The international situation is no less complicated. Fear of Baghdadi has caused two bitter enemies, Saudi Arabia and Iran, to support Abadi as the new prime minister. Shiite Iran is a natural enemy of Sunni jihadism, while Saudi Arabia knows it will be the next target of Baghdadi´s plan, like Osama bin Laden´s before him, to overthrow the Arab monarchies he considers corrupt and run by the devil. This creates an agonizing dilemma for the United States and Europe. One the one hand, forming an alliance with Iran to confront the greater danger, the Islamic State, could reinforce radical Shiites in Iraq, Assad´s dictatorship in Syria, and Hezbollah´s powerful Shiite militia in Lebanon. On the other, not joining forces with Iran could damage the effort to unite the Shiites against Sunni jihadism.

Obama is aware — as his prudence testifies in these tense moments — that every action in this zone can trigger counterproductive reactions that could turn on him. The Islamic State was, in part, a beneficiary of the international mobilization against Assad in Syria. Even though the Islamic State did not receive direct aid from the United States (which concentrated its support in the moderate sectors of the fight against the Druze dictator), Turkey did receive aid, and then provided the Islamic State with a sanctuary on the Syrian border that Baghdadi utilized to acquire supplies and to penetrate into Syrian territory.

Baghdadi — a radical born in the early 1970s, with a doctorate from the University of Baghdad, who proclaimed himself leader of the Islamic State of Iraq and the Levant in 2010 and rebelled against Ayman al-Zawahiri, the successor to Bin Laden, whom his group supported — has a clear objective. He wishes to reunite Iraq and the Levant (the Arab states that the United Kingdom and France converted into the current separate nations of Syria, Jordan and Lebanon, together with Palestine and part of Sinai) into a vast caliphate under his control.

For the time being, he has managed to dominate important parts of Syria (where he controls the petroleum resources of Deir al Zur and maintains his principal base in Raqqa) and Iraq (where his central hub is in Mosul, the second largest city of the country, which he captured in June). He possesses weapons stolen from the Syrian and Iraqi armies, and, according to Jessica Lewis, a former intelligence agent of the U.S. Army and now affiliated with The Institute for the Study of War, he controls seven divisions of the country, including one near Baghdad and another in the south of the country, far from where he has had a strong presence until now.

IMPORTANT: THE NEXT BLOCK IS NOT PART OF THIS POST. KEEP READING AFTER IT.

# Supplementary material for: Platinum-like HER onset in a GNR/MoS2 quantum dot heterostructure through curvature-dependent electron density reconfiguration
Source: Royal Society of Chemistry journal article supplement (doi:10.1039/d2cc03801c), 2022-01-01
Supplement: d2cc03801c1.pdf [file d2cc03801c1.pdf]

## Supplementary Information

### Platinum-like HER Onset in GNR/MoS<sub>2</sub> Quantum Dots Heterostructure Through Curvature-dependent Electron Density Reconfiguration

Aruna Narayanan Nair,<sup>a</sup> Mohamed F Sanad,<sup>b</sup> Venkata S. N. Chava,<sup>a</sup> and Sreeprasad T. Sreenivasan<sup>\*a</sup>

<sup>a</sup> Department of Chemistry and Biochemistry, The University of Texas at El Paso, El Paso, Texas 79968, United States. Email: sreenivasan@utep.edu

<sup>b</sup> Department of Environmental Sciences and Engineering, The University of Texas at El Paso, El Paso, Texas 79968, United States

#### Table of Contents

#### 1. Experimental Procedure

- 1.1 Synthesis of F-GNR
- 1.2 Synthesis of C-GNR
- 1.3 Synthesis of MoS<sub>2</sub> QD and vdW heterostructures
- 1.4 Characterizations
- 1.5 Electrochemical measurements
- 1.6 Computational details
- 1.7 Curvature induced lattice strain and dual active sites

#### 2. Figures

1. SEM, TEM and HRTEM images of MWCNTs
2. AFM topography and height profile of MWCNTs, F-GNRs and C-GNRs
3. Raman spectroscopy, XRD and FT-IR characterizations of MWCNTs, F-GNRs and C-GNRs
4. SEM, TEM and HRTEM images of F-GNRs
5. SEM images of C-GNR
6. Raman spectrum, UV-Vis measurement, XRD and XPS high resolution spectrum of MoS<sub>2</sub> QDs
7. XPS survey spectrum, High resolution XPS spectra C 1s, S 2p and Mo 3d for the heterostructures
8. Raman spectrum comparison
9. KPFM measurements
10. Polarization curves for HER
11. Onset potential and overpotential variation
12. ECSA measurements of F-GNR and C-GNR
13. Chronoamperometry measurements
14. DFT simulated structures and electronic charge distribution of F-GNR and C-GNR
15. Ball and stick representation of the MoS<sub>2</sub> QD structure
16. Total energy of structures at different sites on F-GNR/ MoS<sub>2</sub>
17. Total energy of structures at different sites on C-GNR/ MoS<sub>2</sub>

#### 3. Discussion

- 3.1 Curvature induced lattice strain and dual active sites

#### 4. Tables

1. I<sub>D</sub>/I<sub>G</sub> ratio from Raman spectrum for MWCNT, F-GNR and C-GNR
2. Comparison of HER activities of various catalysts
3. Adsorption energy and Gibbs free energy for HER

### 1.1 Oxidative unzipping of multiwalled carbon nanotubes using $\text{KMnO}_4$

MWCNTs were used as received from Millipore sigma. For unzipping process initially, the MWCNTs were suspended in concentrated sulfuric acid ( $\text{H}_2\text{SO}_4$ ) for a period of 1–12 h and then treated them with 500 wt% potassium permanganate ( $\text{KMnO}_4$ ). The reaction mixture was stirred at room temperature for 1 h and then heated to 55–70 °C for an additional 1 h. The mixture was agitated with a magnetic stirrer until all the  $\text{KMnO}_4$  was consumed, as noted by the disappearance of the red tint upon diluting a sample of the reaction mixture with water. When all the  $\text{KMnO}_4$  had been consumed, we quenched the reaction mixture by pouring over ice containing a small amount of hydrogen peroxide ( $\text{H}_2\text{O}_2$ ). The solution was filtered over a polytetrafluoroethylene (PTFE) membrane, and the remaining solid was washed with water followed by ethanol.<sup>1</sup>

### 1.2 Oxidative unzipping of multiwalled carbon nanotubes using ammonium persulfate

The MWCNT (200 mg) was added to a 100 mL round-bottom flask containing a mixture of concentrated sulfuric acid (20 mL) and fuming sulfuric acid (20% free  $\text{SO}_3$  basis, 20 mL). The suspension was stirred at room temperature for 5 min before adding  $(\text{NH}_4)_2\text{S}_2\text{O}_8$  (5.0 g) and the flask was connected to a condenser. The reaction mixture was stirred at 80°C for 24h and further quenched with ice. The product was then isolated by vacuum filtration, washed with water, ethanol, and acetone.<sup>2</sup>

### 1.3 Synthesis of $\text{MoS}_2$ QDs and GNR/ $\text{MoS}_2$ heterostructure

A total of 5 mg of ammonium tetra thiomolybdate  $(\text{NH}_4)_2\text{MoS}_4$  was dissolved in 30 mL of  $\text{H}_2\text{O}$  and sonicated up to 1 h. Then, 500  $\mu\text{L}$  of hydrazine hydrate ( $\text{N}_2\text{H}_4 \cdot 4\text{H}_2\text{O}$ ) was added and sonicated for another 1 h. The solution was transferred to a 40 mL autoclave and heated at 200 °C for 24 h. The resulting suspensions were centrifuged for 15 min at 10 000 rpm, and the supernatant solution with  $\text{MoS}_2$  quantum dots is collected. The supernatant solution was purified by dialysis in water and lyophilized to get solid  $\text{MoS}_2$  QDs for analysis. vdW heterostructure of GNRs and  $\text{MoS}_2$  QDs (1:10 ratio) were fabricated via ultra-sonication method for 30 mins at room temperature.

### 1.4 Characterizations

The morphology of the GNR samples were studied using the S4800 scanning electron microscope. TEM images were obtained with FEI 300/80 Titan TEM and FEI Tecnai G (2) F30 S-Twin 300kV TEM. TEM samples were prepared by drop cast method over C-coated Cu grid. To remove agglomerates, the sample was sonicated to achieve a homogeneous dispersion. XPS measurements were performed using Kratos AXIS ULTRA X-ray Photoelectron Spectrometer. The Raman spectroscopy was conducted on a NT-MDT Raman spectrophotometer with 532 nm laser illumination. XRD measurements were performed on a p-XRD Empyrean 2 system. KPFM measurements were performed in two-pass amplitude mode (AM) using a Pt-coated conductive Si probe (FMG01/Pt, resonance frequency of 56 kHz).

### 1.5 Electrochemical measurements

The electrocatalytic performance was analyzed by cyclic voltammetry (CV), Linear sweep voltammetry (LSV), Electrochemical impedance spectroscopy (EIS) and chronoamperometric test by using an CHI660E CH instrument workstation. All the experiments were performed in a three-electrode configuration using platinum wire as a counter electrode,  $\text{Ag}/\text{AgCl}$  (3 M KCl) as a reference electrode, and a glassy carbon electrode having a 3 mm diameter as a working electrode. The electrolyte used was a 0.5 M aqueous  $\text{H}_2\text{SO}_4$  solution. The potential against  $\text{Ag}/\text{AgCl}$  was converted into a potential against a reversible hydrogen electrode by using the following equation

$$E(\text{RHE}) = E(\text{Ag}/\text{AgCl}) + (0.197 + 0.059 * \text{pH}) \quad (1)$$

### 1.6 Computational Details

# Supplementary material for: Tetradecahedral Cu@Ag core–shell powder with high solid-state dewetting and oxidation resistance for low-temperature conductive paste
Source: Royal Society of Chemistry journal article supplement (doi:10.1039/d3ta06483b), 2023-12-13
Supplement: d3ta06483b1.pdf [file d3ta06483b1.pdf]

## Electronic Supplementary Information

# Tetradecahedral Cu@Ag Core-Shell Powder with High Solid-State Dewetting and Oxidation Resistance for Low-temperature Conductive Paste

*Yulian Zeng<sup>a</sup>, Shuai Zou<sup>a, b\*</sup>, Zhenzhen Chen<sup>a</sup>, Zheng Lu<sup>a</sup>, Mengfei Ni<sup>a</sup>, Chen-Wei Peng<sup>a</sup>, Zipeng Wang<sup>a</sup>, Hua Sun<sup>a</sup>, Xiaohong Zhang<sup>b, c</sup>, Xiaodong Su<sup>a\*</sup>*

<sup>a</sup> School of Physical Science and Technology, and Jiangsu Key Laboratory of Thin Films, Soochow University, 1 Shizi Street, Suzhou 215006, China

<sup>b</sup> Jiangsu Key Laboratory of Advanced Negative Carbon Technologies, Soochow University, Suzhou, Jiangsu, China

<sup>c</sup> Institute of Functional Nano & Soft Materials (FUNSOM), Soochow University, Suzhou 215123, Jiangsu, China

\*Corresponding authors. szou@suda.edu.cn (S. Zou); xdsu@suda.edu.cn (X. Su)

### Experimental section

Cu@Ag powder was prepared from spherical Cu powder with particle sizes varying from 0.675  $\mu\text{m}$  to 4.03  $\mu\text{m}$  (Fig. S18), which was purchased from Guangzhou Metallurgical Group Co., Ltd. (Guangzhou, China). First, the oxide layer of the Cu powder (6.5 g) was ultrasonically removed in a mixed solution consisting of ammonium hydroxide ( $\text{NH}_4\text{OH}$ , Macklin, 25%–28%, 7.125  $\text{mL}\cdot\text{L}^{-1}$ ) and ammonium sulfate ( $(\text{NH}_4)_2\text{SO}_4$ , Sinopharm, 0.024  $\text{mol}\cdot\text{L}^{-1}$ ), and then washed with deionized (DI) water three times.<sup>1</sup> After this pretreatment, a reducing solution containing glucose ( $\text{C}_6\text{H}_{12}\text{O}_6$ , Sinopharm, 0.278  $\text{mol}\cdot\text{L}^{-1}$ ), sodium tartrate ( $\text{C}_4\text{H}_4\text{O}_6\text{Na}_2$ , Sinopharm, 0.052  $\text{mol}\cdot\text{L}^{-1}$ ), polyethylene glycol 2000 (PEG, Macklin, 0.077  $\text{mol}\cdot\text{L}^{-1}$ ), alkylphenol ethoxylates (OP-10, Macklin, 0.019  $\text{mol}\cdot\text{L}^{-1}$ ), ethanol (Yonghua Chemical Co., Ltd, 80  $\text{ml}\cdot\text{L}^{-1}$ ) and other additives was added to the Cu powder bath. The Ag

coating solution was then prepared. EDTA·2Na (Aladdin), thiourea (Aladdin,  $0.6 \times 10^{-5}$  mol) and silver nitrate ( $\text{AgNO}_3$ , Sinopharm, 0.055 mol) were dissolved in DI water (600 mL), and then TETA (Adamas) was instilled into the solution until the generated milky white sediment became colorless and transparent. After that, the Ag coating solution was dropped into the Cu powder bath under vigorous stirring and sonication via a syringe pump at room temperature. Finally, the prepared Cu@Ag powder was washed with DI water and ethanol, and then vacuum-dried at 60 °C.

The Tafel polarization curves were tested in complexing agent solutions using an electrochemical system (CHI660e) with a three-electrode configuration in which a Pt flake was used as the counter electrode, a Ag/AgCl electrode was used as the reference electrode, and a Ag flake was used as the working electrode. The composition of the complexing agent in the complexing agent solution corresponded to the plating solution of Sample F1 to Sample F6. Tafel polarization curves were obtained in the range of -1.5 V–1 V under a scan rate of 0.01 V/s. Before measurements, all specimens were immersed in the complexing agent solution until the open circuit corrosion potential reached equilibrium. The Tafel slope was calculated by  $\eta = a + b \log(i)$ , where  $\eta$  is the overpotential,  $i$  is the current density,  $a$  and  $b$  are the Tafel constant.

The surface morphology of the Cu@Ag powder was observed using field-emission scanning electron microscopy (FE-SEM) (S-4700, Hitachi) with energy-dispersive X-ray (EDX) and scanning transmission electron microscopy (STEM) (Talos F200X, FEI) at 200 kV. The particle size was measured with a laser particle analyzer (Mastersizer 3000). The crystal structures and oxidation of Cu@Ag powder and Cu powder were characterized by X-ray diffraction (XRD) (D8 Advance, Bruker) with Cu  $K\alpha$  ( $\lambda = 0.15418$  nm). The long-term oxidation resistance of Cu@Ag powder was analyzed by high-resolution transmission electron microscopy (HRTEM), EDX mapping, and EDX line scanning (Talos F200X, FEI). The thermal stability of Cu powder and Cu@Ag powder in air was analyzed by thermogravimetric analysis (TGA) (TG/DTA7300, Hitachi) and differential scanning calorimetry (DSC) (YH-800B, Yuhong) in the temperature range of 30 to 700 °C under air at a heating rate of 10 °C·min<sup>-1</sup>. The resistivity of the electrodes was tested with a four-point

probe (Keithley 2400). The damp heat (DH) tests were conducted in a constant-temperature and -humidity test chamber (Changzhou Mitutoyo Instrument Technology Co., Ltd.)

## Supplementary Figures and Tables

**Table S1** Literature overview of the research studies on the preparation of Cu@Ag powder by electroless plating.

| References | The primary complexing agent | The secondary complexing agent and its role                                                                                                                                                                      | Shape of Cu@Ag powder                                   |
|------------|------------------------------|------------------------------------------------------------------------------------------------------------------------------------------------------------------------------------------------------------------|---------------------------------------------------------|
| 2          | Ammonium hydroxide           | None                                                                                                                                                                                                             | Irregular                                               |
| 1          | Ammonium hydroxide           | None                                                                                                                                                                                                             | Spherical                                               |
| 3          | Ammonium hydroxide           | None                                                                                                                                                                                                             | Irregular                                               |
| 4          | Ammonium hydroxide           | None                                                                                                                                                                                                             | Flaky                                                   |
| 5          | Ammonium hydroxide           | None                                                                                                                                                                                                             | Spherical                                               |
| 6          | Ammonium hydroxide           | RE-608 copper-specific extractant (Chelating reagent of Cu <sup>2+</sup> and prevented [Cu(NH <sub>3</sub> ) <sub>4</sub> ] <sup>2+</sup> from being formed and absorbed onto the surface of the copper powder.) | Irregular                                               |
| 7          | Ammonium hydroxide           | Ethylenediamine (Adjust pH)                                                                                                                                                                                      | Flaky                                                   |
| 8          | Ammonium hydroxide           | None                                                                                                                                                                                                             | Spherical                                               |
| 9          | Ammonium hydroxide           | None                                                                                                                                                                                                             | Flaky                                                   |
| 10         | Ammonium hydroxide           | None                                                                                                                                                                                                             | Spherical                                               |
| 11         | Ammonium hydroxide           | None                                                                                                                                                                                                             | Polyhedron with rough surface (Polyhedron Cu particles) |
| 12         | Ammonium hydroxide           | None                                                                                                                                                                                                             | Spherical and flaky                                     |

His bloodthirsty savagery is already a regional legend, and he has managed to control many places due to stories of his cruelty that inspire terror and frighten the defendants of those lands into retreat. Precisely for that reason, the United States bombed Islamic State group positions a few days ago near Erbil, the capital of Kurdistan that appeared to be on the brink of defeat. Many Kurdish soldiers have now fled or are preparing to do so.

To stop this self-proclaimed Caliph, Obama will have to employ something more than limited bombings and humanitarian operations, unless all of the Iraqi factions — a true miracle — unite themselves against the jihadis and become more effective fighters than they have ever been. And still, in that case, there´s no guarantee of anything. Almost three years after U.S. withdrawal, Obama returns to Iraq against all of his instincts and deepest convictions.